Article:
The Fresh Loaf

News & Information for Amateur Bakers and Artisan Bread Enthusiasts

Sourdough chemistry

marieJ's picture

Sourdough chemistry

I've read much about the sourdough process but have forgotten a some of the terminology.

The process of sourdough fermentation creates an environment in the dough which makes more of the grain's nutrients (vitamins & minerals) available to us.  The acid created assists this.  There is a word that sounds like  'phytates', 'phytytes' - which is involved in this process. Does anyone know what this exact word is?

Its about the acid breaking down a protective componet in the flour chemistry make-up, which in turn allows all the trace elements, vitamins and minerals to become available for our nutrition.  The regular bread making process using commercial yeast does not achieve this due to the absence of lactic/acetic acids.

Any thoughts on what this 'phytate?????' word is?  I did know but I've forgotten and I now have another up & coming baker asking me.  I can't go back to the book as a source of this information because it came from the local library and at this point in time it resides with another borrower.

Any information would be appreciated

Thanks & regards



flournwater's picture

Are you looking for "phytic" acid?  AKA "phytate".

Elagins's picture

not sure of the word, but the process also involves enzymes called amylases that convert complex starches to simple sugars, which end up feeding the yeasts and the aceto- and lactobacilli that make the sour.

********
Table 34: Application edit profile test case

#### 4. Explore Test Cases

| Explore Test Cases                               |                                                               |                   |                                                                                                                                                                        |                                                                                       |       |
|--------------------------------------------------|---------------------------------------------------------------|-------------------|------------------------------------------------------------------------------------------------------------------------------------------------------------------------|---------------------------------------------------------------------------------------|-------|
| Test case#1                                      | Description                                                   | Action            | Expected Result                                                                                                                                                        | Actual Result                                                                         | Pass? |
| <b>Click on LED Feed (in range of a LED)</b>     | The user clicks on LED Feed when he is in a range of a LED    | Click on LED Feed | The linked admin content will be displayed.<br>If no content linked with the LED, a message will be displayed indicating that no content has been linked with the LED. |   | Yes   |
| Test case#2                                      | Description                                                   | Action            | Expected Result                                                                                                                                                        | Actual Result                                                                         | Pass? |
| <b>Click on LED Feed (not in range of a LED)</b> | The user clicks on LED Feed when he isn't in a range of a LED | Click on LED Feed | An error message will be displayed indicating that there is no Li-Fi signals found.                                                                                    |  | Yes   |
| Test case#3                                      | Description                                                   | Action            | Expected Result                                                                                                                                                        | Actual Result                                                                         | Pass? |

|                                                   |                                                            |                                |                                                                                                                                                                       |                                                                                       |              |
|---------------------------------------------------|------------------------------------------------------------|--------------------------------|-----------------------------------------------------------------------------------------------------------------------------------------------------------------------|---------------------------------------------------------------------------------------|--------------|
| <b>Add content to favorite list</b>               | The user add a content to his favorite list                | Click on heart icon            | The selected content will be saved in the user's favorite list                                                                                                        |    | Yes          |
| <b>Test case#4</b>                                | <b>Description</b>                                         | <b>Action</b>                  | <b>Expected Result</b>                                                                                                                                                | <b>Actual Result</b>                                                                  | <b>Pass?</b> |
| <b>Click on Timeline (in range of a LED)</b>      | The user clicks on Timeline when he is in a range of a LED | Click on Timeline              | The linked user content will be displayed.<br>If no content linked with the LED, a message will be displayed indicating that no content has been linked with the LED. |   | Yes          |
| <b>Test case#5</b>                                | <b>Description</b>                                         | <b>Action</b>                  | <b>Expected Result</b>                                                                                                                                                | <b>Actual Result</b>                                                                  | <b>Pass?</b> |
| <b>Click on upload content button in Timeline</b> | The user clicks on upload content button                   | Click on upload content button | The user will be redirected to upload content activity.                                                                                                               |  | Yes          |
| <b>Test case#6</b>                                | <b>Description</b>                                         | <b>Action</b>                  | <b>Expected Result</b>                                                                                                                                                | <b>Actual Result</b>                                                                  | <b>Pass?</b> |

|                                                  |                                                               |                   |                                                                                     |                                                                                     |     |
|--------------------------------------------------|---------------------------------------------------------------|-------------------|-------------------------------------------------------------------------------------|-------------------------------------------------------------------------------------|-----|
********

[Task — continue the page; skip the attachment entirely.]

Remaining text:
temperature affects both the bacteria and the yeast: cooler temps retard the yeast and lacto, which allows the sourdough to develop a more vinegar-like sourness. warmth speeds up the yeast and lacto, resulting in more of the kind of sour you get from yogurt or sour cream.

don't believe I've ever heard a word that sounds like "phytate," but then again, I'm not a biochemist.

Stan Ginsberg

sharonk's picture

This is from the book Nourishing Traditions by Sally Fallon:

"We recommend the use of a variety of whole grains but with an important caveat. Phosphorus in the bran of whole grains, is tied up in a substance called phytic acid. Phytic acid combines with iron, calcum magnesium, copper and zinc in the intestinal tract, blocking their absorption. Whole grains also contain enzyme inhibitors that can interfer with digestion. Traditional societies usually soak or ferment their grains before eating them, processes that neutralize phytates and enzyme inhibitors and, in effect, predegiest grains so that all their nutrients are more available."

This is one of the reasons that sourdough fermentation is said to make the bread more digestible, because the long fermentation time neturalizes the phytic acid.

Hope that helps!



marieJ's picture

Thank you Sharonk, Stan and FlournWater!


This is precisely what I was looking for.  It's been driving me crazy because I've had this knowledge before but couldn't remember the specifics.

Thank you so much!

Cheers and fabulous baking!